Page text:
The passion for collecting contemporary art is burning bright once again in Florence. In the city of the Medici, the international recognition is renewed, RINASCIMENTO+, will be awarded by the Museo Novecento, in collaboration with MUS.E, to eminent personalities of art collecting and patronage for their support to art and artists. The ceremony will take place at 11 am on Sunday, 3 October in the Salone dei Cinquecento in Palazzo Vecchio, in the presence of the Mayor of Florence Dario Nardella.
In this first edition, the prize will be awarded to Gemma De Angelis Testa, Heiner Friedrich, Giuliano Gori, Maria Manetti Shrem, Leonid Mikhelson and Margherita Stabiumi for the visionary, generous and dedicated work they have carried out over time in various forms of patronage and collecting in an effort to increase cultural well- being, training and artistic experimentation. They will receive the Crisalide di Sole, a jewel designed and realised by Maria Sole Ferragamo, a young designer who has inherited from her grandfather, Salvatore Ferragamo, the sense of beauty and innovation in forms and materials.
“The name chosen, RINASCIMENTO +, refers to the magnificence of the art of the past in a vision that is not static, but rather, one of continuity and transformation,” explains Sergio Risaliti, artistic director of the Museo Novecento and creator of the initiative. “RINASCIMENTO + speaks of art and artists, collectors and patrons, of the taste for beauty, of its regeneration and transcending of periods, of the continuous rebirth of the love for art and the perpetuation of innovative creativity from generation to generation. Florence is “historically destined” to bestow an international recognition such as this, presenting an image of itself today as a creative city, where the splendid season of the Renaissance has never been spent, and where the passion for art and experimentation has never faded. A recognition that finds its reason to exist in the history and the art of the Renaissance, but which lives through the new ambitions of the present. Palazzo Vecchio and Museo Novecento are ideal places for mending the link between antiquity and contemporaneity, between the patrons of the past and the collectors of the present.”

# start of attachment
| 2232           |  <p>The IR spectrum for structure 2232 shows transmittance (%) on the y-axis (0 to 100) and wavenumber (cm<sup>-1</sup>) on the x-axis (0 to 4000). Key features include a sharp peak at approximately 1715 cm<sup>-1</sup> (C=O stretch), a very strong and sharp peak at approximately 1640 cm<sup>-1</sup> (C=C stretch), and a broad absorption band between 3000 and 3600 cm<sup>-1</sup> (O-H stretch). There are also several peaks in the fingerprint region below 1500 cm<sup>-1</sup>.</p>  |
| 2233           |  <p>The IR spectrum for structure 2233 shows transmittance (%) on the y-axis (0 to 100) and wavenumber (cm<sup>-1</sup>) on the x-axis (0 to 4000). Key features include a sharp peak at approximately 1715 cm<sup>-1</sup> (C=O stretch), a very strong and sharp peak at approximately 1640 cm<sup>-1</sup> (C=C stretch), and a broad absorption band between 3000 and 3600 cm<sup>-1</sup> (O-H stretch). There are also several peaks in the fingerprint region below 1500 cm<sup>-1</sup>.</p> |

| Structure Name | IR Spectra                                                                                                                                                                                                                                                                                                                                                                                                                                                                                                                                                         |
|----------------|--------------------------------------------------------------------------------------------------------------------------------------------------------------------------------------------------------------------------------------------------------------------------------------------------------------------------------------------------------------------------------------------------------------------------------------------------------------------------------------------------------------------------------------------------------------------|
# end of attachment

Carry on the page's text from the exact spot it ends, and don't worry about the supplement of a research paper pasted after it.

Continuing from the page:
There is no doubt that Florence has been the cradle of modern collecting and patronage, the cultural, social and economic phenomena necessary for the evolution of Western art and the success of every avant-garde. The Renaissance, in fact, would not have established itself without the Medici, the Sassetti, the Tornabuoni, the Gondi and the Rucellai, just to name a few of the greatest supporters of art and culture during that glorious age. “A desire for beauty – continues Risaliti the artistic director of the Museo Novecento – not pompously flaunted, but ambitiously cultivated as a fruitful and lasting benefit on the horizon of future glory and memory, and above all, as a yearning for transcendence while attempting to balance the anguished and painful side of earthly existence and the trauma of violence and illness, which were commonplace at that time. From the passions of enlightened individuals, from their taste, from their refined thoughts, modern museums were born, starting with the Uffizi. The private dimension was extended to the public one, for an expanded sharing of a privilege originally enjoyed only in the private sphere.”